A second aspect of the disclosure provides a retrofit trailer board system for vehicles, comprising: a trailer board carrying a plurality of signalling lights on a surface thereof; a plurality of optical sensors for removable connection to the exterior surface of respective vehicle lights, each sensor being configured to issue a signal responsive to operation of a vehicle light; and an electronic control unit in signal communication with each of the optical sensors and arranged in use to relay signals received from respective optical sensors to a corresponding signalling light of the trailer board.
BRIEF DESCRIPTION OF THE DRAWINGS
The disclosure will now be described by way of example only with reference to the accompanying drawings, in which:
FIG. 1 is a side view of a vehicle on which is mounted a bicycle by means of a bracket;
FIG. 2 is a side view of a vehicle employing a system according to the disclosure;
FIG. 3 is a schematic diagram of a system according to the disclosure used in conjunction with a vehicle trailer board;
FIGS. 4a and 4b show respective plug and socket terminals of a connector, which is useful for understanding the disclosure;
FIG. 5 is a partial perspective view of the system mounted to the rear of a trailer board;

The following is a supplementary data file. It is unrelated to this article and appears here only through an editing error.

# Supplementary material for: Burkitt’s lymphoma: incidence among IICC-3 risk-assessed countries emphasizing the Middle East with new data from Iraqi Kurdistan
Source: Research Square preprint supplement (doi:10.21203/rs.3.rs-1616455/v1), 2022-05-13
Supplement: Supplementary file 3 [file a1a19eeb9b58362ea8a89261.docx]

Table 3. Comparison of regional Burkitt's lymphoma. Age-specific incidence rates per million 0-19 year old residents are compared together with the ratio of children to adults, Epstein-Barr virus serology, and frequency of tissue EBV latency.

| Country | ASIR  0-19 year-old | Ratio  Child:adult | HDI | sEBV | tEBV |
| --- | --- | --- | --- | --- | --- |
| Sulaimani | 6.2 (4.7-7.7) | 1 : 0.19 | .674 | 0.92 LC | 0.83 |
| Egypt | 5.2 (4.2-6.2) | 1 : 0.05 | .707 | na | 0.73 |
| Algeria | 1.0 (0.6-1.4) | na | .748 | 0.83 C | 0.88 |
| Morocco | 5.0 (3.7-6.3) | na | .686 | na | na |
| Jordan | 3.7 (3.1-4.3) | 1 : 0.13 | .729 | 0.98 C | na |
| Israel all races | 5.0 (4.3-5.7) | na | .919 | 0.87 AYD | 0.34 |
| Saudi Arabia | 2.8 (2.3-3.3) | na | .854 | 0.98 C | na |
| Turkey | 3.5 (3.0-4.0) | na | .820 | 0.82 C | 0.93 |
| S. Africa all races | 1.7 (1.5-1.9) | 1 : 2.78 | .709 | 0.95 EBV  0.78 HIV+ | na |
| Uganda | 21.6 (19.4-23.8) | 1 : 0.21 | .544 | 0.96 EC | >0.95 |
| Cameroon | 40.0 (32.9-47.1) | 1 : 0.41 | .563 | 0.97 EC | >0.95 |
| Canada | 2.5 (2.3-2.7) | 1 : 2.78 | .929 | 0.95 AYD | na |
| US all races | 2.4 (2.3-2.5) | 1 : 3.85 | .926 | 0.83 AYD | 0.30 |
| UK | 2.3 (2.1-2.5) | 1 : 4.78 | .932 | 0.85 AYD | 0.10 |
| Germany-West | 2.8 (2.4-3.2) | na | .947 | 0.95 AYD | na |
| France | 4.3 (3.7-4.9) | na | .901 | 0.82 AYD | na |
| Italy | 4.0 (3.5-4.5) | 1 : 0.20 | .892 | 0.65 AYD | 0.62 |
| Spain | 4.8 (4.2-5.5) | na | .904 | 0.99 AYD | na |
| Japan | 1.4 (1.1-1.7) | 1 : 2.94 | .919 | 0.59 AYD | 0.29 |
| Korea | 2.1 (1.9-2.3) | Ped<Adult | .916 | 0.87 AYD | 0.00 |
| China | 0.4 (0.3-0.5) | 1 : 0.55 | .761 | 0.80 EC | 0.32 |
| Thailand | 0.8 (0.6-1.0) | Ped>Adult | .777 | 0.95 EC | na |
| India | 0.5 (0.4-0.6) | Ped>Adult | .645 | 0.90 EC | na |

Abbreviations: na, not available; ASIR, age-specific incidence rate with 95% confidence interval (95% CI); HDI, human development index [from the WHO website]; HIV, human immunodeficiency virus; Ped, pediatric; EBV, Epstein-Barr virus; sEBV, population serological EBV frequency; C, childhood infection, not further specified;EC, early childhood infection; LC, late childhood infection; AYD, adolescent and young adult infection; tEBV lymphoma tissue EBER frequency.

FIGS. 6a and 6b show respective side and perspective views of different sensor examples that may be used with the system;
FIG. 7 is a schematic view showing the system and connection of its sensors to rear lamps of a vehicle;
FIGS. 8a and 8b are respective rear and partial side views of a vehicle with the trailer board mounted;
FIG. 9 is a schematic view of components which may comprise the system, at least in part; and
FIG. 10 is a flow diagram showing processing steps performed by the FIG. 9 components.
DETAILED DESCRIPTION OF ILLUSTRATIVE EMBODIMENTS
Referring to FIG. 1, there is shown a potential situation in which embodiments of the disclosure may provide advantageous use. There is shown a vehicle 1 to the rear of which is mounted a bicycle 3 by means of a retro-fit bike mounting bracket 5. This common arrangement obscures at least some or all of the rear signalling lights 7 contrary to good safety practise and legislation.